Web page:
Tim Battle, Upon Clouded Hills – Recollections of Healthcare Chaplaincy 1993–2012. Salisbury: Drysdale, 2014, 185 pp. (Pbk). ISBN: 978-099271-990-6, £15.00.

Reviewed by: Reverend David H. Glasson, Methodist Minister, Retired Head of Interfaith and Spiritual Care, Merseycare NHS Trust, UK.

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The author sets out to consider the development of healthcare chaplaincy between 1993 and 2012 through recollections and his experience of the events which drove the development during this period.

Healthcare chaplaincy underwent considerable organizational changes during this period and the author draws on these to present a chronological appraisal of the work of a number of bodies endeavouring to affect changes in policy and accountability in healthcare chaplaincy.

The author, himself involved in many conversations regarding ways forward for healthcare chaplaincy, uses examples of projects and cites attempts at co-ordinating a policy on the organization and work of chaplaincy. He tells of frustrations and disappointments as well as the commitment of individuals to struggle with a difficult area in healthcare.

Reading the book as I did, with some knowledge of the concepts of formulating a chaplaincy service which is more structured and accountable, I believe it provides an excellent insight into possibilities for the future of chaplaincy. The book draws on a wealth of direct and indirect experience to present a variety of models of healthcare chaplaincy. Some of these have been explored and found lacking, whilst others have the potential for ensuring a future chaplaincy which is recognized by other healthcare professionals. The tensions between chaplaincy bodies are addressed by the author and forms part of the reflective dialogue which runs through each of the chapters. The annexes in tabular form provide an excellent way for the reader to consider aspects of chaplaincy development, including financial implications.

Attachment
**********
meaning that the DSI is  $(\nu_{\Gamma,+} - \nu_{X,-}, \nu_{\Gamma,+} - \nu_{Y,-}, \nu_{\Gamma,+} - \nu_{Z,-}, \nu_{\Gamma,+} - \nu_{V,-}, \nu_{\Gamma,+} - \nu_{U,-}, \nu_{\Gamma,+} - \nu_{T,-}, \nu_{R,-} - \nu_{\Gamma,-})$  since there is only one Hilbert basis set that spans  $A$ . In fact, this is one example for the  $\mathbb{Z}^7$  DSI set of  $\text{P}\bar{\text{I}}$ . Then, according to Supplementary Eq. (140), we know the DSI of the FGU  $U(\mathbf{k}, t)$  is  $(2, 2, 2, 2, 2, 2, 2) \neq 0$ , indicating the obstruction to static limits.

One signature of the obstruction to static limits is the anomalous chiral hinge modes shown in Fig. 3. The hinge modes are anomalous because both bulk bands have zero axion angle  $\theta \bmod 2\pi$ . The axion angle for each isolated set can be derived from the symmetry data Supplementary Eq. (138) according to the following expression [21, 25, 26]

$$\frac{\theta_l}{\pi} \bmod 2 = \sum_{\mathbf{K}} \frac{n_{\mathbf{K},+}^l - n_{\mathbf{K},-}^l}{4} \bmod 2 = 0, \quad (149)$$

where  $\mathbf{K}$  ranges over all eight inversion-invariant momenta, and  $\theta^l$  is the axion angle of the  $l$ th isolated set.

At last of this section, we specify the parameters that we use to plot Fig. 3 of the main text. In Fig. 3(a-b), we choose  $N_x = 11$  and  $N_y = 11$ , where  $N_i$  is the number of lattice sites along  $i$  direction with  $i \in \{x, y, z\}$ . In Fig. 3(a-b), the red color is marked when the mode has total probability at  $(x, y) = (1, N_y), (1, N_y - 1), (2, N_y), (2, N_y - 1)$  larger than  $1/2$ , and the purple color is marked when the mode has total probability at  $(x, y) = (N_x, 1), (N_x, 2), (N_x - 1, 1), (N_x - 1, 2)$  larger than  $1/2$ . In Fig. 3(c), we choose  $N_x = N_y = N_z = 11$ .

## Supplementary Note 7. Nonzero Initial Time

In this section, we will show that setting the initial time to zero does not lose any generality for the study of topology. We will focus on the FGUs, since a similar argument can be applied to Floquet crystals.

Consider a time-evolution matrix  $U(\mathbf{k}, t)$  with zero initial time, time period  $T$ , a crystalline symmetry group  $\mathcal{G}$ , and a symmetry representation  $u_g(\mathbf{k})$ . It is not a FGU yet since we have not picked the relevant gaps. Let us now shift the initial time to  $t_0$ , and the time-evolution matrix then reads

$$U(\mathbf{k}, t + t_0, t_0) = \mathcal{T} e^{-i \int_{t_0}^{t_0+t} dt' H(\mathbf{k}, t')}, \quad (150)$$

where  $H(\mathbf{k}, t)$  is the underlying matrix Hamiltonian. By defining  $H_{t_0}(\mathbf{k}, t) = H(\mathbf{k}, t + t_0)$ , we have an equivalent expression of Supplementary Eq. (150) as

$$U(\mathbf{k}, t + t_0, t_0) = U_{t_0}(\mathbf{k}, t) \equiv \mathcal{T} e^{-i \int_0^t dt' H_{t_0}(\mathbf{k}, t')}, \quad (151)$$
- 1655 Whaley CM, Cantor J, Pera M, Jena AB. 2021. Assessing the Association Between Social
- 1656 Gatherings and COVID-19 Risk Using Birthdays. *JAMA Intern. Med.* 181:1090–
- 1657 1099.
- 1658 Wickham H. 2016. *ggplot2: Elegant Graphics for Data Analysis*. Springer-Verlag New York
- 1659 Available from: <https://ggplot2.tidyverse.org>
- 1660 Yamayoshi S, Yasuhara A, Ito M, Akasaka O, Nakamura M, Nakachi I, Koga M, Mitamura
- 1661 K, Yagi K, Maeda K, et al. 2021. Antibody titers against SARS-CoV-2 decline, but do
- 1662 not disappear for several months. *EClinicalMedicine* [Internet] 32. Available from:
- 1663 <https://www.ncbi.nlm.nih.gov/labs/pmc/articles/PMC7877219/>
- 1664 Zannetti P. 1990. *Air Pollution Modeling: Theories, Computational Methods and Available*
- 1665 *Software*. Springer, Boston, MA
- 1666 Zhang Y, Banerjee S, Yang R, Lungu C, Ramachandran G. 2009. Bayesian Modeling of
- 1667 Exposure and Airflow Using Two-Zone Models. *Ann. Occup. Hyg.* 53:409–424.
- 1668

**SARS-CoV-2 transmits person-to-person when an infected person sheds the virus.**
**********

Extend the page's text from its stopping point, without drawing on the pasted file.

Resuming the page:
This book may be difficult for the casual reader without any knowledge of chaplaincy in the healthcare domain. However, I would strongly recommend it as essential reading for anyone aspiring to a senior position in chaplaincy management. It should also prove useful for healthcare managers who are unaware of the significant efforts being made to address the professional status of chaplains and chaplaincy services.

The book’s title reflects the difficulties that have been faced by healthcare chaplaincy and those, like the author, who have worked to clear the way for the future.